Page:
Students in Campbell’s first prison teaching program earn associate degrees

CLINTON — Kevin Cook battled nerves and the graduation tassel that swung in front of his eyes as he spoke on behalf of his 10 classmates in front of the small crowd that gathered for the first commencement ceremony for Campbell University’s prison teaching program at Sampson Correctional Facility on Tuesday. 

But he brushed those nerves — and the tassel — aside to deliver a message on resilience, something he and the prison’s Class of 2021 needed a lot of to get through the two-year program while not only dealing with the COVID-19 pandemic, but the many other challenges brought on by life in a prison environment. From small hurdles like lack of internet access and sometimes limited access to supplies to larger obstacles like resentment from other incarcerated men and those against the idea of educating convicted felons — Cook said it took resilience and the support of many to make Tuesday’s ceremony a reality. 

“We faced monumental pressure, but we rose above,” said the Greensboro native. “We’re learning from our prior mistakes, and we’re achieving amid the chaos fostered by our current environment. To each of you involved [in the program] … you’ve left an indelible mark on my life and have inspired me to reach for the stars.” 

Campbell issued 11 associate of science degrees to the 11 men who were part of the first cohort of students in a program launched by the University, the Bob Barker Foundation and the North Carolina Department of Public Safety in 2019. The program’s goal is to educate convicted offenders and provide degrees that would not only lead to future employment and long-term careers, but also significantly reduce the recidivism rate for incarcerated men in the state’s prison system. 

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The associate of science degree program places an emphasis on preparing the men for admission into a four-year bachelor’s degree program that will help them succeed after their release. It emphasizes academic rigor, faith development, critical thinking, writing, math and other life skills to encourage them to lead productive lives.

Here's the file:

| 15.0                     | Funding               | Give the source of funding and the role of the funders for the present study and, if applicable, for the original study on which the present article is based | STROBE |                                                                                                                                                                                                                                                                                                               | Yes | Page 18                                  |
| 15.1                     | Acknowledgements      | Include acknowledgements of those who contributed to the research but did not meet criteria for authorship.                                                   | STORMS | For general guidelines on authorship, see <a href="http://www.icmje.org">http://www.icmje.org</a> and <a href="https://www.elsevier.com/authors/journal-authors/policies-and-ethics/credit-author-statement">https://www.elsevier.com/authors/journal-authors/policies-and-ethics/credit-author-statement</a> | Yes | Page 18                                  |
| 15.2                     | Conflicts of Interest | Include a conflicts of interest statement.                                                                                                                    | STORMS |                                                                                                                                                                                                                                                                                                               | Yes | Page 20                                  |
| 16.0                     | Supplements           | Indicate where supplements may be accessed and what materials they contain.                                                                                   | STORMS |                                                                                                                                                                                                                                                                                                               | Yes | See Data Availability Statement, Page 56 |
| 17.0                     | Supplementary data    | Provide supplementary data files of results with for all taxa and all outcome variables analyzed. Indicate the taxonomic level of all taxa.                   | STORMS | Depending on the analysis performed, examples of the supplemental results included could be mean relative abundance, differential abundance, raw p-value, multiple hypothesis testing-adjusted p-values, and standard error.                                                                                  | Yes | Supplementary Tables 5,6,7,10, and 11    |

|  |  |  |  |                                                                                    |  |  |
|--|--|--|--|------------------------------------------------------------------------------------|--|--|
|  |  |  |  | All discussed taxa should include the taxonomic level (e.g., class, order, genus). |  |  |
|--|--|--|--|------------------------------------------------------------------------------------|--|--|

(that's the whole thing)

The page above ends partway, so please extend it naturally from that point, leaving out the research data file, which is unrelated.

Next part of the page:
Bob Barker (’64), whose Bob Barker Company produces the world’s largest inventory of detention facility supplies and whose foundation was created to reduce recidivism and prepare men and women for successful reentry into society, served as the commencement speaker on Tuesday. Barker called the ceremony “historical” and the men “trailblazers.” 

“And we hope many more will follow in your footsteps,” he said to the group of 11 men, who were seated in front of about 20 others who are currently in their first year of the program. “What you’ve done is show everybody that a college degree can be earned in a prison environment. The state legislature believes in this program and has given us the funds to extend it to a four-year program. Had you not succeeded, I don’t think we would have gotten that support. Be proud of the work you’ve done. A lot of people are counting on you.” 

Dr. Rick Smith, the director of the Sampson Correctional Institution campus, said he believed in this group and recalled watching them tear into new books and resources the moment they were provided. 

“You were excited for new information,” he said. “I watched you use torn up envelopes for study flash cards when index cards weren’t available. I knew early on we had something special. I had high expectations for you, and you took the opportunity you were given and ran with it.”

President J. Bradley Creed spoke of restoration as an important theme in the Judeo-Christian mission.

“We’re here to educate students to live lives of meaningful service,” Creed said. “This has been our prayer from the beginning of this program. As I look into the eyes of these students, I’m confident we’re succeeding. I know how difficult this has been. I know who your professors are. And I know you’ve earned these degrees.”